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University of Victoria Team Builds Assay for Measuring Protein Biomarkers in Saliva


NEW YORK (GenomeWeb) – Researchers from the University of Victoria-Genome British Columbia Proteomics Centre and MRM Proteomics have developed an assay for targeted quantitation of proteins in saliva.

The assay, which the researchers described in a paper published last week in Proteomics, uses multiple-reaction monitoring mass spec to measure levels of 158 proteins. Christoph Borchers, head of the U Vic-Genome BC Proteomics Centre and senior author on the paper, told GenomeWeb that he and his colleagues expected the assay could prove useful for applications like large population screenings, where ease of sampling is important.

Borchers said the researchers were following the example of the genetics community, where saliva is a common biospecimen.

"It's very simple and not invasive at all," he said. "I think this is the direction to go with for, for instance, population wide screening."

Plasma is perhaps the most commonly used sample in proteomics research, but, Borchers noted, drawing plasma samples means a doctor or phlebotomist must be involved. More recently, proteomics researchers have begun looking into dried blood spot samples, in which subjects spot blood from a finger prick onto a piece of filter paper. In addition to being simple enough for people to do along in their homes, these samples are more durable and easily transportable than conventional blood draws.

Saliva samples could be more convenient still, Borchers said. "You can do it by yourself, and you don't have to poke your finger. To be honest, I would rather spit in a tube than poke myself."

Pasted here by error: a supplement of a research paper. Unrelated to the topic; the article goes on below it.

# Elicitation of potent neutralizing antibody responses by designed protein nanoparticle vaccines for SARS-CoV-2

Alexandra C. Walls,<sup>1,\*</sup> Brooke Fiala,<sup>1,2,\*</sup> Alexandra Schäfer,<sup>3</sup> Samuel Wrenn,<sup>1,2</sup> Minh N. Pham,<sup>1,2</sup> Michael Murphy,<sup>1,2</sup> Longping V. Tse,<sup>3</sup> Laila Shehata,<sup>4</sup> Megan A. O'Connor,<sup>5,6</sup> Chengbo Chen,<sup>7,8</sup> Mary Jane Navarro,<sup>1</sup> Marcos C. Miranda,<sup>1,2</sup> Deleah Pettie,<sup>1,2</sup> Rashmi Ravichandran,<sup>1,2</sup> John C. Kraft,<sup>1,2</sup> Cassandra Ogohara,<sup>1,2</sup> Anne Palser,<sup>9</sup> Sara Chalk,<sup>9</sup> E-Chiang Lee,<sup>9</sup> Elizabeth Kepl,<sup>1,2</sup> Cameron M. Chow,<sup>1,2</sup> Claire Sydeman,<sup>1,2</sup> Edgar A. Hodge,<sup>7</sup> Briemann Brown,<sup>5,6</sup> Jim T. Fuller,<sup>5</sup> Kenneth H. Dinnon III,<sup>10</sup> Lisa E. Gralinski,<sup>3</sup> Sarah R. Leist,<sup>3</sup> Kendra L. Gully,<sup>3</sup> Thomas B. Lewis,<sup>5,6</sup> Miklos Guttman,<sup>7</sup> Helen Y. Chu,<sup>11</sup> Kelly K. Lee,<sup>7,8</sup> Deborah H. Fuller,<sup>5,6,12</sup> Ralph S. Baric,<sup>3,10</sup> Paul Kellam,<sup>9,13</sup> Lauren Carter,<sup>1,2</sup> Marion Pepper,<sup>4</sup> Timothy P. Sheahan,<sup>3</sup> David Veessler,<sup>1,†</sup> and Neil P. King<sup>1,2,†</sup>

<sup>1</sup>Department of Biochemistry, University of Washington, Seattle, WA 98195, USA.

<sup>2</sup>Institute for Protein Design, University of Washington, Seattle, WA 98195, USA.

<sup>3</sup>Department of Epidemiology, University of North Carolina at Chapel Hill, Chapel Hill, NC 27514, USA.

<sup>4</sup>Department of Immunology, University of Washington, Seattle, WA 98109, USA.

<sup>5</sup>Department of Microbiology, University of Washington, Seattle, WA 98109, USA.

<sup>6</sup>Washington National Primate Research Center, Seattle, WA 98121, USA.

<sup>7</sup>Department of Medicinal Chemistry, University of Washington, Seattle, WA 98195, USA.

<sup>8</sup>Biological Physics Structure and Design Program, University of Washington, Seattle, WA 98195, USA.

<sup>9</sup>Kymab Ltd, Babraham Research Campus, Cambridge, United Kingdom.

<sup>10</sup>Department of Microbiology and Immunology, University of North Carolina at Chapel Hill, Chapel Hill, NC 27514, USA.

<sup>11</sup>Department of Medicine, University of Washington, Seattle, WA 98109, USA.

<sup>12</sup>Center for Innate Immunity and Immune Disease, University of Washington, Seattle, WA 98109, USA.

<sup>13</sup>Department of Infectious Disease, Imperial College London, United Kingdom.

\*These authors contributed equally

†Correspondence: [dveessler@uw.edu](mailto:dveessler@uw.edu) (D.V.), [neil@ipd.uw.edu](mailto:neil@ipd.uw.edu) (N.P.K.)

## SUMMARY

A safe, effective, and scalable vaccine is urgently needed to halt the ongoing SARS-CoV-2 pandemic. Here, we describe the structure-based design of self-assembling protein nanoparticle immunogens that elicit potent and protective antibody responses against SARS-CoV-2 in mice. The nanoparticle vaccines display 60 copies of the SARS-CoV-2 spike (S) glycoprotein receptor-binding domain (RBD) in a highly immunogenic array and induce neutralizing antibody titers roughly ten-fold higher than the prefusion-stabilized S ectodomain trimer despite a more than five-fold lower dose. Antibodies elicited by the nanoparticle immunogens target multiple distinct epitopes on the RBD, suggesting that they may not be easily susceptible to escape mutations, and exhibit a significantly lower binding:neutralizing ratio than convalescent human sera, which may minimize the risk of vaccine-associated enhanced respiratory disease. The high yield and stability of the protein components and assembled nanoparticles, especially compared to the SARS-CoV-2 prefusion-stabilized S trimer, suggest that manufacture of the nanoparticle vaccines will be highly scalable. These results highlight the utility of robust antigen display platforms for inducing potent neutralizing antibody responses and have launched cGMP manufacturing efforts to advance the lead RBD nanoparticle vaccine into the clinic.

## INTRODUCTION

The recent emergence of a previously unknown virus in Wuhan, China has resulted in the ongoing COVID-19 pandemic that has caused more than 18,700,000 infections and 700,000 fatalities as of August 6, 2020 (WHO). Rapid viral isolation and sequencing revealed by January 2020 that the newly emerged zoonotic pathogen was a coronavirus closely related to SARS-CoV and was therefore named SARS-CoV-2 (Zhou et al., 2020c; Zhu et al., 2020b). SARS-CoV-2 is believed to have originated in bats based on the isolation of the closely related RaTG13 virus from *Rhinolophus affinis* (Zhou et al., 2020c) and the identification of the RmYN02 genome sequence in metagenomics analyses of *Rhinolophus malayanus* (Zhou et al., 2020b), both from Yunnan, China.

As the authors noted, saliva also has the potential advantage of being a simpler sample than plasma. One of the most significant challenges in plasma proteomics is penetrating the high complexity of the sample to identify proteins of true biological interest, many of which are of relatively low abundance. According to Borchers and his colleagues, saliva contains on the order of 3,400 proteins, compared to more than 10,000 for plasma. Additionally, the 20 most abundant saliva proteins account for only 40 percent of saliva's total protein content.

"This type of sample therefore may be less difficult than blood plasma/serum for the quantitation of the low-abundance proteome since the smaller proportion of high-abundance proteins should cause less interference," they wrote.

Saliva's lower protein content raises the question of how comprehensive an analysis is possible in such specimens, but Borchers said that there already existed candidate salivary protein markers linked to a variety of diseases, including Wilson's disease, oral cancer, SAPHO syndrome, periodontitis, and lung cancer. The 158-protein panel also includes analytes that have been linked to conditions like cardiovascular disease, breast cancer, and thyroid cancer.

The researchers developed the assay on an Agilent 6490 triple quadrupole instrument, measuring 244 peptides to quantify the 158 proteins. They were able to quantify these proteins across concentrations ranging over six orders of magnitude, from 218 μg/mL to 88 pg/mL, with average coefficients of variation of 12 percent.

The assays were not developed with any concrete uses in mind, but were in part a response to interest expressed by some MRM Proteomics customers, Borchers said. Borchers is chief scientific officer at MRM Proteomics, which was founded to commercialize targeted proteomics technologies developed at the U Vic-Genome BC Proteomics Centre.

"We've been asked by our clients and collaborators if we could do this," he said. He noted that one of these parties is particularly interested in using saliva proteomics for population-wide screening studies.

"There is [commercial] interest, but no one wants to pay for the development," Borchers said, adding that he anticipated that now that he and his colleagues had demonstrated the viability of the approach, customers would come forward with specific requests.

"Build it and they will come is in many cases our strategy," he said.

Borchers said that he and his colleagues plan in the near future to expand the salivary panel to around 700 proteins.